This past Friday, President Barack Obama and Chinese President Xi Jinping announced that the United States and China had reached a “common understanding” to fight state-sponsored, corporate cyber espionage between the countries.
During a joint press conference, President Obama said that “neither the U.S. nor the Chinese government will conduct or knowingly support cyber theft of intellectual property, including trade secrets or other confidential business information for commercial advantage.” President Jinping added that “both governments will not engage in or support online theft of intellectual property.”
U.S. Attorney General Loretta Lynch and Secretary of Homeland Security Jeh Johnson released a joint statement that outlines the U.S. government’s position on the U.S.-China agreement. According to the joint statement, the respective governments agreed to, among other things, “increase law enforcement communications regarding malicious cyber activities” and “provide timely responses to requests for information and assistance concerning those activities.” To support these commitments, the countries agreed to “establish a high-level joint dialogue mechanism on cybercrime and related issues” including a “hotline” to address urgent instances of cyber theft of intellectual property. General Lynch and Secretary Johnson will co-chair the joint dialogue on behalf of the U.S., while China will designate an official at the Ministerial level “to lead representatives from the Ministry of Public Security, Ministry of State Security, Ministry of Justice and the State Internet and Information Office.”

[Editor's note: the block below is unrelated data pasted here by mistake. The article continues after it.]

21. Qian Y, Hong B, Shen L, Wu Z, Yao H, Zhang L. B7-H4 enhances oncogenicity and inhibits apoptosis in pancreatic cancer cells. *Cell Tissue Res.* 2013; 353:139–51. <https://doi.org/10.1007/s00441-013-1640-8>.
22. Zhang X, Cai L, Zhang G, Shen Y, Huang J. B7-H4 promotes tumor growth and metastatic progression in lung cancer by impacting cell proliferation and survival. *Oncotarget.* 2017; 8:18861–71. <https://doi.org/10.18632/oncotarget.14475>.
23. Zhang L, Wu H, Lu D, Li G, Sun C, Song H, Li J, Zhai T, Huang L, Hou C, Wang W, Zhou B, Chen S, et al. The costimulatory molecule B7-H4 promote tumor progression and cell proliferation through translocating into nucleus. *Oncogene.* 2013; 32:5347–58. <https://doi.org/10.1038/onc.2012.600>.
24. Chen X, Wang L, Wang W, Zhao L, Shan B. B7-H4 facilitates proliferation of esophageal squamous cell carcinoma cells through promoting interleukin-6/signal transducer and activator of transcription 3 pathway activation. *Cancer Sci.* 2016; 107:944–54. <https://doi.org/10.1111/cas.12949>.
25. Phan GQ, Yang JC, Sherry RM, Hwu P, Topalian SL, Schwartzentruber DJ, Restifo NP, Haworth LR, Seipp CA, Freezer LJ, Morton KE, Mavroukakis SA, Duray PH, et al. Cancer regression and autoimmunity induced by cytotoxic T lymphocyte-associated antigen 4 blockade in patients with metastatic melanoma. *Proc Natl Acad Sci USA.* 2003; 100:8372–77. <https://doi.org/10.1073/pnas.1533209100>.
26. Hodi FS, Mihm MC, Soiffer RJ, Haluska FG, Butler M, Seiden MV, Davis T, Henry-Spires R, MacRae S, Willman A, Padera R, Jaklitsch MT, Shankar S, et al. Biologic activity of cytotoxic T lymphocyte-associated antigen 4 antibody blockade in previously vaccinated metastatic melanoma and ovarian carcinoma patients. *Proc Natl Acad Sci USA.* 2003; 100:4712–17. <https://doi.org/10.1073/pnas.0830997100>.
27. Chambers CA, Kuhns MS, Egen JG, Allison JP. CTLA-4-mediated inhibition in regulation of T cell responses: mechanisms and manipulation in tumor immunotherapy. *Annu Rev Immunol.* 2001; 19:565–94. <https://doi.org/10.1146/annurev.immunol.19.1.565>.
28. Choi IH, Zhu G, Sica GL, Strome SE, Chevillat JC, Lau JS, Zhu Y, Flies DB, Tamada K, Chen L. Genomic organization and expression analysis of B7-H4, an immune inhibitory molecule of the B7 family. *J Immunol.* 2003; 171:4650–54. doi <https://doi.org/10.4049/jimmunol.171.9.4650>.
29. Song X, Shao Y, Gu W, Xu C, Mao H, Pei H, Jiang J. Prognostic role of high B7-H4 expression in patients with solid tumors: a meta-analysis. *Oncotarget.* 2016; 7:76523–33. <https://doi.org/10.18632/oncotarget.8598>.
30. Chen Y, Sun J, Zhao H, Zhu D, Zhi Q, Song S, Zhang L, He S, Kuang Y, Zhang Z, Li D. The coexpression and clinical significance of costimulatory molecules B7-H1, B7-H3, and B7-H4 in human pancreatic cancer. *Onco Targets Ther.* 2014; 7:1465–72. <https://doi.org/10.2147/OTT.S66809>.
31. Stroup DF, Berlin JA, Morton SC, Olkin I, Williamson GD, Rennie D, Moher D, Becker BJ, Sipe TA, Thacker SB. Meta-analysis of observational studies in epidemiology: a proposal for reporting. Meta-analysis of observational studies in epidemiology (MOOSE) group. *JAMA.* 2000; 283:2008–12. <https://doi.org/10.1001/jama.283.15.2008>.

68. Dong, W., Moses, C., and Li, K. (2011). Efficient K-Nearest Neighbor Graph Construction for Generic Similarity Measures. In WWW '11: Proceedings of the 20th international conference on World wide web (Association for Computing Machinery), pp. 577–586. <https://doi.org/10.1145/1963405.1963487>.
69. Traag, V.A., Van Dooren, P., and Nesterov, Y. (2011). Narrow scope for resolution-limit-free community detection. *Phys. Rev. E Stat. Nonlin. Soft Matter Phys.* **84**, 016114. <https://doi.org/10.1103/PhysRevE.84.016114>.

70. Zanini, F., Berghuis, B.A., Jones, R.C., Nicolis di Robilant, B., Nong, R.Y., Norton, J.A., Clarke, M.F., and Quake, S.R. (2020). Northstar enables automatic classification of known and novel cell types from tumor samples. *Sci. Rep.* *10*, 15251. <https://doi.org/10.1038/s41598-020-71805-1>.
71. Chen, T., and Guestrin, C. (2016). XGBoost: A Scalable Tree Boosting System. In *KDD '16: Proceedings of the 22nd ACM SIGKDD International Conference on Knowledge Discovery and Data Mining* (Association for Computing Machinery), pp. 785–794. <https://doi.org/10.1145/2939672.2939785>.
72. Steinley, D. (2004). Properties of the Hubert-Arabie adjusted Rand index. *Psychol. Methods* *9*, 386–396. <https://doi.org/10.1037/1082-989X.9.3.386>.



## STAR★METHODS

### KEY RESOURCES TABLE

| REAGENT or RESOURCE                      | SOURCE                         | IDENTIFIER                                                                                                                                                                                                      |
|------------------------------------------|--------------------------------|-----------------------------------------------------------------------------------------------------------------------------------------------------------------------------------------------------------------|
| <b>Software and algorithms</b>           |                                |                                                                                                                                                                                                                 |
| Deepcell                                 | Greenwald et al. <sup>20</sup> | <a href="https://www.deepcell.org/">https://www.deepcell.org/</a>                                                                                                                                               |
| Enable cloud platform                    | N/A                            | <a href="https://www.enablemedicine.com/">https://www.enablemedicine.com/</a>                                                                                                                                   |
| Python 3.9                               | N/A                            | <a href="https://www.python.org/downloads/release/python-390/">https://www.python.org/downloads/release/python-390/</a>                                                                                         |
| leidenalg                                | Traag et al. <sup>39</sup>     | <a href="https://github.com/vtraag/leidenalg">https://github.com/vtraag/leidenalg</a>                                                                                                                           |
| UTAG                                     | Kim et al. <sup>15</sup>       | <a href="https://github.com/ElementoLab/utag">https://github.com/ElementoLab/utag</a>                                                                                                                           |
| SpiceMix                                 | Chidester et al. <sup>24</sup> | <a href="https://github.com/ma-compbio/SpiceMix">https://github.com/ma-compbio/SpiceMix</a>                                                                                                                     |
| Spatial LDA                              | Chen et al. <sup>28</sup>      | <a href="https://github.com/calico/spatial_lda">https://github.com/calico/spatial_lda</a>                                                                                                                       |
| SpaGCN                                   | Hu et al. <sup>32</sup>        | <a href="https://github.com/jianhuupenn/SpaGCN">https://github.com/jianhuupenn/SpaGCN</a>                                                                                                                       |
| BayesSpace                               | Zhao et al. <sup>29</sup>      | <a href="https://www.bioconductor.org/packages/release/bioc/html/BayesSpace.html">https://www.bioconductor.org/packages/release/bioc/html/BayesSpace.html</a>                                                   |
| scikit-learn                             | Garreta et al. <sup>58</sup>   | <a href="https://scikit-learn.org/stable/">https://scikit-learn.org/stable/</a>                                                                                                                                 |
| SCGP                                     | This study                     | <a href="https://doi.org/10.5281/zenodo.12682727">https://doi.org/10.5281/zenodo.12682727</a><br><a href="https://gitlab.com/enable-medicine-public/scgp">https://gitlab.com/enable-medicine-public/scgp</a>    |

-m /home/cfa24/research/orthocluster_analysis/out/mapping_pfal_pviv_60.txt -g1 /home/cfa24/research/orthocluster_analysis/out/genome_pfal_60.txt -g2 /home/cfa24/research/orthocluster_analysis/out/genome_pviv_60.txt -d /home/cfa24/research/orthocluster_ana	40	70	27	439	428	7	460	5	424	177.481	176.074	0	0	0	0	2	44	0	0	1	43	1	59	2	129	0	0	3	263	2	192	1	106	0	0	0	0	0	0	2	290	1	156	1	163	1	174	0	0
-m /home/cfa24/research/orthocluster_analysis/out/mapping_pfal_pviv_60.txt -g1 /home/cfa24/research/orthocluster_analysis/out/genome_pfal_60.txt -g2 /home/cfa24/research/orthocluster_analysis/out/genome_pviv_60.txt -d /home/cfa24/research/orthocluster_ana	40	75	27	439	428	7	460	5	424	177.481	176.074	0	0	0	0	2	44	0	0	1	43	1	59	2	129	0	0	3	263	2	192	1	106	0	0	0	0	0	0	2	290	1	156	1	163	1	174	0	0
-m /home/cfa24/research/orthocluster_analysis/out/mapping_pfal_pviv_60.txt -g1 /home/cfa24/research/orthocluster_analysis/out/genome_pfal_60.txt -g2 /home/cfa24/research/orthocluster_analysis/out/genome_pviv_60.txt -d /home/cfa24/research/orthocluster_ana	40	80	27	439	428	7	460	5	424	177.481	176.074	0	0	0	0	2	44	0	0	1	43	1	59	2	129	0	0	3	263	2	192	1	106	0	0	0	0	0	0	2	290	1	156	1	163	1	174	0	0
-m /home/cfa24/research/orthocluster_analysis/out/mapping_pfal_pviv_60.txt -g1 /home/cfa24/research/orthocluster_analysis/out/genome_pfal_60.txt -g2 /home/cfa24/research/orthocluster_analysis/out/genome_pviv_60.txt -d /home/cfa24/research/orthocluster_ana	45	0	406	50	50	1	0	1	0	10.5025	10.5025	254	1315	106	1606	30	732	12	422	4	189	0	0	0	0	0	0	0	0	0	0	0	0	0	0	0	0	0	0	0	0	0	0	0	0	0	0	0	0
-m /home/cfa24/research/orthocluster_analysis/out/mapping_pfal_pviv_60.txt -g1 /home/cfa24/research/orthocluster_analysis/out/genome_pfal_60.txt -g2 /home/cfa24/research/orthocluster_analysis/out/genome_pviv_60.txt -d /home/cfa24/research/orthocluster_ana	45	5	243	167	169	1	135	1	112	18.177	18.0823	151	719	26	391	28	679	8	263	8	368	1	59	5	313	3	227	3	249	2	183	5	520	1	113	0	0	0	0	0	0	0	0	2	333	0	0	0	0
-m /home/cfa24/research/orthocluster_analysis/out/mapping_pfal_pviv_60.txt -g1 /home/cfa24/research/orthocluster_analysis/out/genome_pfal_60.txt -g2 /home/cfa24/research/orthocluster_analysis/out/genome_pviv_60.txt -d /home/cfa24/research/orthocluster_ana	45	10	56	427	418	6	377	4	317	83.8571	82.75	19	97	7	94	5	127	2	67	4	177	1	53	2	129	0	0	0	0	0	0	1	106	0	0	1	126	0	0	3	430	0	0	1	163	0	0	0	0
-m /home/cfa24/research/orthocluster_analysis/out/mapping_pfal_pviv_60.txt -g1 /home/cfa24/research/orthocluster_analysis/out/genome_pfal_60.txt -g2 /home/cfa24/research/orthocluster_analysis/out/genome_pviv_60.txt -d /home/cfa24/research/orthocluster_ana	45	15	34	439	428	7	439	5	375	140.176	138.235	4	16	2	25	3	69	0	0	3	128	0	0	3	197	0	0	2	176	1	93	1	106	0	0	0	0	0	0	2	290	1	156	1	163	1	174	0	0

The announcement was met with a healthy degree of skepticism given the abundance of evidence that Chinese entities have been involved for many years in coordinated theft of intellectual property and the loss of billions of dollars in value to domestic corporations. Whether the newly-established joint dialogue between the nations reigns in theft of corporate trade secrets will be a question for practitioners to examine as the dialogue comes “online” in the coming months.